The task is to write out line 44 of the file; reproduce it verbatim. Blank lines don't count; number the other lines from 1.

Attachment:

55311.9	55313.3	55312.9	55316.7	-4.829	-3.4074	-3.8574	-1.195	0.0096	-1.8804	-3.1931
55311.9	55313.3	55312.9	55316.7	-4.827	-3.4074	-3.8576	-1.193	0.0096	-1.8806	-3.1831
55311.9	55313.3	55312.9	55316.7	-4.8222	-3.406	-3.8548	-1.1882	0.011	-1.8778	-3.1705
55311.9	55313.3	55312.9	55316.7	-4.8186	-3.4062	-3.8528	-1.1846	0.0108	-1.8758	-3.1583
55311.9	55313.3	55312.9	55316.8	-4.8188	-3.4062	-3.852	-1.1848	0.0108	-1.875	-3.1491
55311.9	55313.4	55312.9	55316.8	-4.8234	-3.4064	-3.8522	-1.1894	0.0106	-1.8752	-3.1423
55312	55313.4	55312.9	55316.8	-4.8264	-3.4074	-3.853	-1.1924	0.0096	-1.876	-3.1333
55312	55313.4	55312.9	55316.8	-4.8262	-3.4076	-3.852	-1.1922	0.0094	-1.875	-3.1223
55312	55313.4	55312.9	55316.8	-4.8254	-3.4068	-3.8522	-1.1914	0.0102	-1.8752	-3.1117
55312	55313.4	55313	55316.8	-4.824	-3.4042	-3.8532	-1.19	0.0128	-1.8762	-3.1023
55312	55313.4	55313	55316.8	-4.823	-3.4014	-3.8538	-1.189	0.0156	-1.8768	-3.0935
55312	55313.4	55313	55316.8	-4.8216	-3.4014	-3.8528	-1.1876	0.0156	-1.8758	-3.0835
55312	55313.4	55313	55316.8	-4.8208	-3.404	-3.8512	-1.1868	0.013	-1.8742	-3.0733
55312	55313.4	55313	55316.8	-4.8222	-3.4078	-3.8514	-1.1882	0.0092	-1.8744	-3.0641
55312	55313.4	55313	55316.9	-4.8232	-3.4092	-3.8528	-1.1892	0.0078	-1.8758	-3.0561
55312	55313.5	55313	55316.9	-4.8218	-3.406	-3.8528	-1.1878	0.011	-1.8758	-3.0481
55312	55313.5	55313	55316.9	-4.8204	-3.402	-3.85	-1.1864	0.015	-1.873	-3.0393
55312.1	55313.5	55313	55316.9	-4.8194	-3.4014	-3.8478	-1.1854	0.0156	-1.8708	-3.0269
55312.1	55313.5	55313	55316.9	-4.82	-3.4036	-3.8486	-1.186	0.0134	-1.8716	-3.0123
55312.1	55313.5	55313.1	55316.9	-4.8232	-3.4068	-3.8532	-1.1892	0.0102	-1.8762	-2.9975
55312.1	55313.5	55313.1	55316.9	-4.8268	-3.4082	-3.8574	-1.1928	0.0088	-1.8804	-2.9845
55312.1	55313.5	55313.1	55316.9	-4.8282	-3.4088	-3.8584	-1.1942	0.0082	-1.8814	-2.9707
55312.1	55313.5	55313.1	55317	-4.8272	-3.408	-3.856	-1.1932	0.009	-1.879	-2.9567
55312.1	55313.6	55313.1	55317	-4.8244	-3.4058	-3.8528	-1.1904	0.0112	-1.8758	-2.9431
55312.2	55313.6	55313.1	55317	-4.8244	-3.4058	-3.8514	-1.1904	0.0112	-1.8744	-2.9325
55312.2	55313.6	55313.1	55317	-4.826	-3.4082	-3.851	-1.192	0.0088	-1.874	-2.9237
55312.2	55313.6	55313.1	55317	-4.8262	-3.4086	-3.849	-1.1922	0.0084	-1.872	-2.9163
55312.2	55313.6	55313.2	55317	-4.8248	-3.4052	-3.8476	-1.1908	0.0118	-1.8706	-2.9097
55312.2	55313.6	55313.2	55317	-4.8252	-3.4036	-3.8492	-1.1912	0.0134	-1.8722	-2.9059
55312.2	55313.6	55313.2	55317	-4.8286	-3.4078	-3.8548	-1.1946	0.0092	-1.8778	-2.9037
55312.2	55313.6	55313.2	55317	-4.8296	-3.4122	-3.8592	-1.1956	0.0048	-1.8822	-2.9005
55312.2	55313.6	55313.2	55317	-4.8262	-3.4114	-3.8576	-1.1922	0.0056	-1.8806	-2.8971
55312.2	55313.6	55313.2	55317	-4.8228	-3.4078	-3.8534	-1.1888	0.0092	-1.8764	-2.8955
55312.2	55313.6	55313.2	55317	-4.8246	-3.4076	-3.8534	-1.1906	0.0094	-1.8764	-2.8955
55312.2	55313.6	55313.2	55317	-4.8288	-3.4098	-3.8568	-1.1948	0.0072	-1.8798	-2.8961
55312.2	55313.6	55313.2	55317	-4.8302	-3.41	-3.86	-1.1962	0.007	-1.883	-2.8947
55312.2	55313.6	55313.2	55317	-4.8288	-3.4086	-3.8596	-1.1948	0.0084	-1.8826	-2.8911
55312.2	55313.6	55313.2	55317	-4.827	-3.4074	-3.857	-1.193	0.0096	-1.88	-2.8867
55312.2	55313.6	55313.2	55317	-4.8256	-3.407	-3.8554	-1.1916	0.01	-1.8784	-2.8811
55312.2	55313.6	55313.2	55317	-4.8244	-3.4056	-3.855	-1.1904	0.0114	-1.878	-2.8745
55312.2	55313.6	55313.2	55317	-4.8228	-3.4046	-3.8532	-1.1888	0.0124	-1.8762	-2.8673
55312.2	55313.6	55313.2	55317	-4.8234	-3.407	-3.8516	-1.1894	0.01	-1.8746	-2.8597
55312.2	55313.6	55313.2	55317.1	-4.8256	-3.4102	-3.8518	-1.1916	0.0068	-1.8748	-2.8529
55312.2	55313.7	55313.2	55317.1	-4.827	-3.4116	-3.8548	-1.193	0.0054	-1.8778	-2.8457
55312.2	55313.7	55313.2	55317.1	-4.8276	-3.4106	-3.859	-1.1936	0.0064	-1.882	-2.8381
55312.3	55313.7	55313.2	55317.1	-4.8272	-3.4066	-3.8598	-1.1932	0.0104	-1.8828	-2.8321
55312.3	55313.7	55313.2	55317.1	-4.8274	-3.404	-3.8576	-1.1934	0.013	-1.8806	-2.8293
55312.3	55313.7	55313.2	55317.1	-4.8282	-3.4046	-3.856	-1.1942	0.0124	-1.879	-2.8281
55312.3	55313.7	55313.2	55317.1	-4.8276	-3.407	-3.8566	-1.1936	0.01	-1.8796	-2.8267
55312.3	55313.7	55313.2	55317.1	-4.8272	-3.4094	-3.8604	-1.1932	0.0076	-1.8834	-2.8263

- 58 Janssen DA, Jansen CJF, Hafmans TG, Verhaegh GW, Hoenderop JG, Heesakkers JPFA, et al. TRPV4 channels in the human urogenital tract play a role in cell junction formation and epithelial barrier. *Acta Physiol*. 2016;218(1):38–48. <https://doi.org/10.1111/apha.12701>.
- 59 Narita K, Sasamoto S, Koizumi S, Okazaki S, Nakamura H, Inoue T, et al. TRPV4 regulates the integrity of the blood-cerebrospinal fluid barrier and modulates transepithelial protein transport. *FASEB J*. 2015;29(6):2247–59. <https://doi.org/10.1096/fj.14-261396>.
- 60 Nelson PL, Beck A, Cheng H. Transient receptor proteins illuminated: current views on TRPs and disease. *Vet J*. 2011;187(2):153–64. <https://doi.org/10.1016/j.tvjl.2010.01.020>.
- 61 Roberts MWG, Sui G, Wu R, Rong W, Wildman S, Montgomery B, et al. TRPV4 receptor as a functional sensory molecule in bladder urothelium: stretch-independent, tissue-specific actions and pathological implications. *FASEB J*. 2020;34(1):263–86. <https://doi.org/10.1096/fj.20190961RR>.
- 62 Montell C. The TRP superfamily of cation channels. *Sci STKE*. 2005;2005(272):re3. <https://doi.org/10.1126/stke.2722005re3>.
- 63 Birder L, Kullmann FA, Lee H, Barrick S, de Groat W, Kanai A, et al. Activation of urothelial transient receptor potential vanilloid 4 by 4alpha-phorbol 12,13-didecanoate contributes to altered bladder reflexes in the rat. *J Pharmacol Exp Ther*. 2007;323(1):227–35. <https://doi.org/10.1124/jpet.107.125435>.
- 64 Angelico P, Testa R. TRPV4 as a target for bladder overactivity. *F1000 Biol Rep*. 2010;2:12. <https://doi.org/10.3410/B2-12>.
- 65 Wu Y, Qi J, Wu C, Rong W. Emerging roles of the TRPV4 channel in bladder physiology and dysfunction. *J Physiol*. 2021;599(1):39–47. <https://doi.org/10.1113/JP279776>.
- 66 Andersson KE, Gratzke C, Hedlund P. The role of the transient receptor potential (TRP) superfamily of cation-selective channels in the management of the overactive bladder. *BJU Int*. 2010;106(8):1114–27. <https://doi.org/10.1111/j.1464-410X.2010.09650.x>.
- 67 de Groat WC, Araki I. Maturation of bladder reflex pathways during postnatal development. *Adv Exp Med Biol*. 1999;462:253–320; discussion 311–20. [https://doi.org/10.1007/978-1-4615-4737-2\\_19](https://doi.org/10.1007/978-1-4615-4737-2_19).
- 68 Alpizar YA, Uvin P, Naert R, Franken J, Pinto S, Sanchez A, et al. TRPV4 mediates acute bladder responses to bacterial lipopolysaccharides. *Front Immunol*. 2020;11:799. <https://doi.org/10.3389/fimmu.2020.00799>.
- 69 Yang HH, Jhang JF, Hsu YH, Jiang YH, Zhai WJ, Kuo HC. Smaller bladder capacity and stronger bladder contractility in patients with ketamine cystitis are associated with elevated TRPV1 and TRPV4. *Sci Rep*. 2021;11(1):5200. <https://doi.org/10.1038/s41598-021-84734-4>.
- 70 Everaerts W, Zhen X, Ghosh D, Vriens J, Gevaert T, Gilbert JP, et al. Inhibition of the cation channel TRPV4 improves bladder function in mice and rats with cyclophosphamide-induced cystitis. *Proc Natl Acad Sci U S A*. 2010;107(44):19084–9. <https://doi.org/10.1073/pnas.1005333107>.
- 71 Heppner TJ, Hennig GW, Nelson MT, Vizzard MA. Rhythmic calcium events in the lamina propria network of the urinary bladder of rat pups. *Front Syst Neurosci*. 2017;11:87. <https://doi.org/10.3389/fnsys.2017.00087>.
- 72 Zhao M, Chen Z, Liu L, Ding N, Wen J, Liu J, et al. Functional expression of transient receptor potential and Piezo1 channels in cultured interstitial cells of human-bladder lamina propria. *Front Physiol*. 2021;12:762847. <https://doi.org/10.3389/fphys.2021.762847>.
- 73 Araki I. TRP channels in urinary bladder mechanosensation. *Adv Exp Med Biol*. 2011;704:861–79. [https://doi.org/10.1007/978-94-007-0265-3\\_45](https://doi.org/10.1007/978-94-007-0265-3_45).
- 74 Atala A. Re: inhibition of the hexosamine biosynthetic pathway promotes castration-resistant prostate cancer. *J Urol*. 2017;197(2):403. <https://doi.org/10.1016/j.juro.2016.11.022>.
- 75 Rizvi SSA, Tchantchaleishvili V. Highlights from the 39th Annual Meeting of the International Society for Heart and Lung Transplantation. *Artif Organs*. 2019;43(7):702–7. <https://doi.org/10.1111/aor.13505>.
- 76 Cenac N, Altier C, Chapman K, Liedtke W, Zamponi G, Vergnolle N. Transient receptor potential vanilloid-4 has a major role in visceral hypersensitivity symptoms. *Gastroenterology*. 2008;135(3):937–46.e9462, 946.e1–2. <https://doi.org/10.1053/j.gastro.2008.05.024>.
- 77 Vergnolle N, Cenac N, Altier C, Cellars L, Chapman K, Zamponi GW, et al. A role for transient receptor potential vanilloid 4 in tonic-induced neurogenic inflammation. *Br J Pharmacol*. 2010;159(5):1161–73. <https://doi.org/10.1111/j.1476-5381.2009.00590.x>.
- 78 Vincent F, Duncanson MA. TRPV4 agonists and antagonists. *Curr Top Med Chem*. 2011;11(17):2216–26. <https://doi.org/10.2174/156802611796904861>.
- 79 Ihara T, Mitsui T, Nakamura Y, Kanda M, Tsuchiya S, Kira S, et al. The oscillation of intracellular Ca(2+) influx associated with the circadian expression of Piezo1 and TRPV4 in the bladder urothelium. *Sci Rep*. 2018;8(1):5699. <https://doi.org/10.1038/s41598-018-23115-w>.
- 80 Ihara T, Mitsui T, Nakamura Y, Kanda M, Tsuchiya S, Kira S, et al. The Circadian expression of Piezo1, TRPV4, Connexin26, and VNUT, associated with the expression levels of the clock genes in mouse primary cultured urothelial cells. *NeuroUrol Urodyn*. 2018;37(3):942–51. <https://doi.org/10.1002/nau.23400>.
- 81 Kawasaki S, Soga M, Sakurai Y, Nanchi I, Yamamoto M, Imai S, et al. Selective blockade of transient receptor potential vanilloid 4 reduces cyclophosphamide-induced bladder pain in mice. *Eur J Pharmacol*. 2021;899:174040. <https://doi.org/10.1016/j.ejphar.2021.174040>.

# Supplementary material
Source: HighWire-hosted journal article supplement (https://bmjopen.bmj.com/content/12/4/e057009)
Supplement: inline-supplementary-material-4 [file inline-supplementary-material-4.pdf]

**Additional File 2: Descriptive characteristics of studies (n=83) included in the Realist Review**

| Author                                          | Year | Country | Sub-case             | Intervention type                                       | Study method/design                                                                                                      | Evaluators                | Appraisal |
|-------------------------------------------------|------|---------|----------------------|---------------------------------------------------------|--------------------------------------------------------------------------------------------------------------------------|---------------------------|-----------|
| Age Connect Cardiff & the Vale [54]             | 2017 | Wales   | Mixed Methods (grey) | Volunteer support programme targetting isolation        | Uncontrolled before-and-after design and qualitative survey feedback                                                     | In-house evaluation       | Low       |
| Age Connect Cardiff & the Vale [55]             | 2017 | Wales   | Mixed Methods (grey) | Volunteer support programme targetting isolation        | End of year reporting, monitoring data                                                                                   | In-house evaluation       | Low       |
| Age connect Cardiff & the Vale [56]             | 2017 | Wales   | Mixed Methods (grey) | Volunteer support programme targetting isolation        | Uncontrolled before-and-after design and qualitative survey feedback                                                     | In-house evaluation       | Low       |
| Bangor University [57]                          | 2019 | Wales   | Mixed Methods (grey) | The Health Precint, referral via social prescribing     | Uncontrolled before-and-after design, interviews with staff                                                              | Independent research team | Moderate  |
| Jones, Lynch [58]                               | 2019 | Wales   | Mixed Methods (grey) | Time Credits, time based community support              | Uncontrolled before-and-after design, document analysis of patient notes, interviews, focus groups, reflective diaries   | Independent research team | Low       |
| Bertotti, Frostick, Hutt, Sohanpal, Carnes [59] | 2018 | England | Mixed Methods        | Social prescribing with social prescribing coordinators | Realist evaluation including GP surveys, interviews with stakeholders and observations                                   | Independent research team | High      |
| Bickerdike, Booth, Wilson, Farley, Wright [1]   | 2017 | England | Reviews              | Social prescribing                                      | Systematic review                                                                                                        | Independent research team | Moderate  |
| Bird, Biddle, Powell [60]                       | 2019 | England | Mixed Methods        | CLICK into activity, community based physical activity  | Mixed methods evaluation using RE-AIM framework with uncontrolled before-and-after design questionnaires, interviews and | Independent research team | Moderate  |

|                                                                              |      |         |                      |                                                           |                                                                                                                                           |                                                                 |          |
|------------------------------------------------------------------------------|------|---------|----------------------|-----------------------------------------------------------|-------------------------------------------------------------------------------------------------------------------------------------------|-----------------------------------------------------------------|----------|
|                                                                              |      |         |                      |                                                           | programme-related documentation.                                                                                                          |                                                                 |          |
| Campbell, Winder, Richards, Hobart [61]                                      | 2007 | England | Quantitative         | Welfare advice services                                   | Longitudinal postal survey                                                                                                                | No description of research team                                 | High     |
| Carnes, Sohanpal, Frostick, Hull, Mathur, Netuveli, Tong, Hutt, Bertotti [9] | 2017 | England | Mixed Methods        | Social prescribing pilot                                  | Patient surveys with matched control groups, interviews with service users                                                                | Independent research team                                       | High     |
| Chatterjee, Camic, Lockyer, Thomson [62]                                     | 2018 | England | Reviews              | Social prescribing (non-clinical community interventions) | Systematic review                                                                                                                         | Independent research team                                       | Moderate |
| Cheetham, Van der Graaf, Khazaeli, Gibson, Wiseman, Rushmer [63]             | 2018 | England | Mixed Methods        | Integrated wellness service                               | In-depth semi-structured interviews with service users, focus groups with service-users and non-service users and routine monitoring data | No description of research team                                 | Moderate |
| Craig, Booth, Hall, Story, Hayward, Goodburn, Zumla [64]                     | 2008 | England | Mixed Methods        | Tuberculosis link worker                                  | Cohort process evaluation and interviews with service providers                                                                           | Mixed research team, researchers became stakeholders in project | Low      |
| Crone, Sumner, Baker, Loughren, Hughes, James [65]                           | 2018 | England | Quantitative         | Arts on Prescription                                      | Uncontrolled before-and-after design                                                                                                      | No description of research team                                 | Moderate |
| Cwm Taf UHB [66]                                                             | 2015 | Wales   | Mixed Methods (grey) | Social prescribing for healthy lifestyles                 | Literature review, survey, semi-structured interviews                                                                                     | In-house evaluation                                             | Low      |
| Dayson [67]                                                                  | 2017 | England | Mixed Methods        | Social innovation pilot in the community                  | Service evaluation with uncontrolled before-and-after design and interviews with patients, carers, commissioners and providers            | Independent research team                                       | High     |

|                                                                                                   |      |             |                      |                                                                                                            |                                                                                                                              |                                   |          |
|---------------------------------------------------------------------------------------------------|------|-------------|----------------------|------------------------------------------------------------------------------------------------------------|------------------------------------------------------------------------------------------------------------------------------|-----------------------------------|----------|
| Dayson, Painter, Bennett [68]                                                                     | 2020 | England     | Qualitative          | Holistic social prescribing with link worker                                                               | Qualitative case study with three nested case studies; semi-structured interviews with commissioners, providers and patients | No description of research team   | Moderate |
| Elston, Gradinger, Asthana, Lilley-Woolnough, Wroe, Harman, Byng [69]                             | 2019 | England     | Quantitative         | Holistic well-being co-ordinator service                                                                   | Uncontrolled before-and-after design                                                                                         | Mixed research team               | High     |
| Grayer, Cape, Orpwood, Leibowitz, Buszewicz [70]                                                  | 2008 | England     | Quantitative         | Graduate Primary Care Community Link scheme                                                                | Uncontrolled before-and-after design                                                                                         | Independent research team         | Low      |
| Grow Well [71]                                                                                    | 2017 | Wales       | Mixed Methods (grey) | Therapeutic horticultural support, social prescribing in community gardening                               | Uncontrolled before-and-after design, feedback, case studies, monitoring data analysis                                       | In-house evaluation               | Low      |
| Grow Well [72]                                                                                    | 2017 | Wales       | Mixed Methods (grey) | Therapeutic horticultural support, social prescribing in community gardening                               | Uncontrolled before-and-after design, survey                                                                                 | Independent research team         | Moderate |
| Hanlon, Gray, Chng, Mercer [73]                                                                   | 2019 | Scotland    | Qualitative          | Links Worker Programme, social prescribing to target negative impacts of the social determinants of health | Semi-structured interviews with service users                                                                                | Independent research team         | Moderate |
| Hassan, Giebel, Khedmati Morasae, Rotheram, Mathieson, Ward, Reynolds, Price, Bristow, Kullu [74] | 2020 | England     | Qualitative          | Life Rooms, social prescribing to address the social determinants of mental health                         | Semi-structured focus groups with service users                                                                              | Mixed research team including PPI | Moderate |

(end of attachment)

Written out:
55312.2	55313.7	55313.2	55317.1	-4.827	-3.4116	-3.8548	-1.193	0.0054	-1.8778	-2.8457